“Sure,” I said, hoping she was about to suggest replacing the furniture where it had been.
“I don't want to go back to that house on South Battery until it's fully renovated. I find itÂ .Â .Â . unsettling.”
I struggled to keep my expression neutral. “All right. I understand. You did tell me that you didn't like old houses, so I'm not surprised. Are you saying you changed your mind about keeping it?”
She shook her head. “No. I agreed to keep the house for now out of respect for Miss Pinckney's wishes and to see if the house's aura changes any with the renovations. But she didn't say I had to live in it. For now, I really have no desire to cross the threshold in the foreseeable future.”
I hoped she didn't see my relief. “That's not a problem. I spoke with Sophie today and she'll be happy to lead the restoration, determine if any grants might be available, and if she can use parts of the work as curriculum. She'll figure out the numbers so she can discuss them with you, and any major decisions will have to be signed off by you. I'm sure for the sheer happiness of working on the house she won't mind being in charge.”
“What about the doll?”
I shuddered, remembering the doll standing by the opened attic
door. “Sophie spoke with her friend the doll expert and he's eager to take a look. He's stopping by tomorrow to pick it up and says it will take a few weeks before he can get back to us.”
“Tell him to take as long as he needs.”
I smiled. “Will do. Well, then, we'll see you in a couple of hours. Hopefully we'll find something in the archives that will tell us more about the house. Maybe even something about the family.”
I kissed the children good-bye, then turned toward the door. Jayne called me back.
“Nola's friendâLindsey. Do you know her well?”
I shook my head. “I met her the first time when you did. She says her mother and I went to college togetherâI don't remember her. I need to pull out my yearbook to see if I recognize her. Why?”
JJ reached his arms to be picked up again and Jayne lifted him, her eyes focused on his little face. I couldn't help wondering if she was using him as a reason to avoid eye contact with me.
“I'm not sure,” she said. “It's just, well, you know how some people seemÂ .Â .Â . haunted?”
“A little,” I said, glad her focus was on JJ.
“Well, that's the sense I get from her. As if she's being dogged by something.”
“Because she brought the Ouija board?”
“No,” Jayne said, finally looking at me. “I think because she reminded me a little of myself when I was that age. All alone, even in a roomful of people.”
I nodded, unwilling to admit that I knew exactly what she was talking about. It hadn't been that long ago that I'd felt the same wayâbefore Jack, and before I'd reconciled with my mother and father. There was something about being raised with absent parents that made a permanent scar in a person's psyche.
I pondered my next question for a moment. “Since you're kind of a
child-rearing expert, do you think I should limit Nola's association with her?”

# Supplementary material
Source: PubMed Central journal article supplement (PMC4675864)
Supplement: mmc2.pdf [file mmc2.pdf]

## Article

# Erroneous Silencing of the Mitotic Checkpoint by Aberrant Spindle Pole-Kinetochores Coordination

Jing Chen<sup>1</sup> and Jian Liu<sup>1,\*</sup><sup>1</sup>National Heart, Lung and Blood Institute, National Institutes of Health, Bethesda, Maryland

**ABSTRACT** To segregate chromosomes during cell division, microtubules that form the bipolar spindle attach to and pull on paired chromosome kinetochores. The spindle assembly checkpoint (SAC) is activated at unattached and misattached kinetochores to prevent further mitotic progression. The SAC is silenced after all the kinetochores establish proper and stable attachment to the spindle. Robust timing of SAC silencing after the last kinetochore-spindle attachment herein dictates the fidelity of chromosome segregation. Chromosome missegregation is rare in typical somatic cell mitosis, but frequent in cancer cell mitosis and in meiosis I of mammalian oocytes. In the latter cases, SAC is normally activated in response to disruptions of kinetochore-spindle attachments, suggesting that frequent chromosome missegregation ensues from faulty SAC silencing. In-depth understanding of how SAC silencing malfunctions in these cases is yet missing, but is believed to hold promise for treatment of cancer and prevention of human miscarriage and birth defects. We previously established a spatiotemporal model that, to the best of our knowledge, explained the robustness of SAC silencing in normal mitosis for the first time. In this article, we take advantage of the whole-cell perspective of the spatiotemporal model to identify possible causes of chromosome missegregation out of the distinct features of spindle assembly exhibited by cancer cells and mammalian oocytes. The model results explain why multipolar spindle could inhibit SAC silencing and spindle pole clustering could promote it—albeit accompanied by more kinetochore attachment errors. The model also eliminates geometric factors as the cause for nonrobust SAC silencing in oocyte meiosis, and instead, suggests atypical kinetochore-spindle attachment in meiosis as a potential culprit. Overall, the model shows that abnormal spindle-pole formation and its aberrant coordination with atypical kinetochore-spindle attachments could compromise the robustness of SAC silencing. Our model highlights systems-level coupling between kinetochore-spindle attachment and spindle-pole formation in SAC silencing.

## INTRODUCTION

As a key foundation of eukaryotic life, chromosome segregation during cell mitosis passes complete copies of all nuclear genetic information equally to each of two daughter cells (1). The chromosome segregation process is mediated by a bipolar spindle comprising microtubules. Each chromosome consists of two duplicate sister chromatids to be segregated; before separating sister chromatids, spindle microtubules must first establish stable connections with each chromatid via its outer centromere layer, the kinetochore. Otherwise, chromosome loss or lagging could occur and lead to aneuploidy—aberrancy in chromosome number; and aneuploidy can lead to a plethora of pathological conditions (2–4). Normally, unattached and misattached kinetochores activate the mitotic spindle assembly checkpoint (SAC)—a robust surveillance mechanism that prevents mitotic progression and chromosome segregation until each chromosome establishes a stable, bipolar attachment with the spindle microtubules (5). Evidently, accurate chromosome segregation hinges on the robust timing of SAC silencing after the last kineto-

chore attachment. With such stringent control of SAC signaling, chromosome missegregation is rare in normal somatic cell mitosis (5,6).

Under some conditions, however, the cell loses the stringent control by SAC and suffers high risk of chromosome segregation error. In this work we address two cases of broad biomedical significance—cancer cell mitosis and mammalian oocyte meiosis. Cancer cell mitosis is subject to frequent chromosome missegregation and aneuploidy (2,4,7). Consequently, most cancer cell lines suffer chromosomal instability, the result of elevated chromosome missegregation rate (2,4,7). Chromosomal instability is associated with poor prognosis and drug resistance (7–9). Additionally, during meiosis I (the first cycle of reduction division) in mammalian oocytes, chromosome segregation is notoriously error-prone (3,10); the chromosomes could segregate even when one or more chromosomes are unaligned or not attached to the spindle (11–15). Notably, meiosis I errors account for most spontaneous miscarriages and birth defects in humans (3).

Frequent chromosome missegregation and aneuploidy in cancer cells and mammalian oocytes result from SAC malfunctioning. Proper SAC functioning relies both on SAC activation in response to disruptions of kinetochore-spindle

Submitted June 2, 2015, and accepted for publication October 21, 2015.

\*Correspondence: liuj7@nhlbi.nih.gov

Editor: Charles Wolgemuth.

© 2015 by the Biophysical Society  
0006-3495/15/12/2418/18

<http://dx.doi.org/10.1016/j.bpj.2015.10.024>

Jayne shook her head. “Nola's pretty grounded, which is a tribute to both her own strength and the parental guidance she's received from you and Jack. I think she and Lindsey could be good for each other.”
I nodded. “Thanks. And I'm not going back to the office when we return, so you can have the rest of the day and evening off.”
“Thank you.” She looked up at me. “I'm kind of hoping you don't find anything in the archives.”
I raised my eyebrows.
“I don't mean to sound ungrateful. Really, I don't. My lawyers have explained that there's enough money in the estate to do the restorations, which will allow the house to be sold for a pretty hefty sum. I won't have to worry about money after that, which is a nice thing to know.” She paused. “It's justÂ .Â .Â .”
“It's justÂ .Â .Â .Â ?” I prompted.
“Do you ever think that it's just easier ignoring bad stuff in the hopes that it will go away?”
I thought for a moment, debating whether I should tell her that I'd cut my teeth on that very same philosophy. And remembering the invitation downstairs that I'd tucked beneath a bill, hoping it might get overlooked and forgotten. I decided that as her employer and the mother of two, I needed to come up with a more mature response. “It probably is easier,” I said. “But in my experience, the bad stuff isn't like a mosquito biteâyou know, leave it alone so it disappears instead of scratching it and making it worse. Usually the things you don't want to deal with get worse the longer you wait.”
She contemplated me for a long moment. “Do you believe inÂ .Â .Â .” She stopped suddenly, and I wondered if she'd also felt the temperature in the room drop. JJ continued to babble, but Sarah looked up, then stared at the door expectantly.
“Do I believe in what?” I asked, remembering Jayne being pushed down the stairs the previous day. And her opposition to the Ouija board.
Sarah began whimpering and Jayne bent to her eye level, her answer lost as she soothed my daughter and I took the opportunity to look around the room. But all I could sense was that dark curtain again, pulling tightly closed and blocking my view.
I bent to kiss the top of each baby's head, then retreated to the door. “We'll be back soon.”
We said good-bye and I closed the door behind me. I walked slowly down the stairs, fairly certain I knew what she'd been about to ask me, and still unsure I knew how to answer.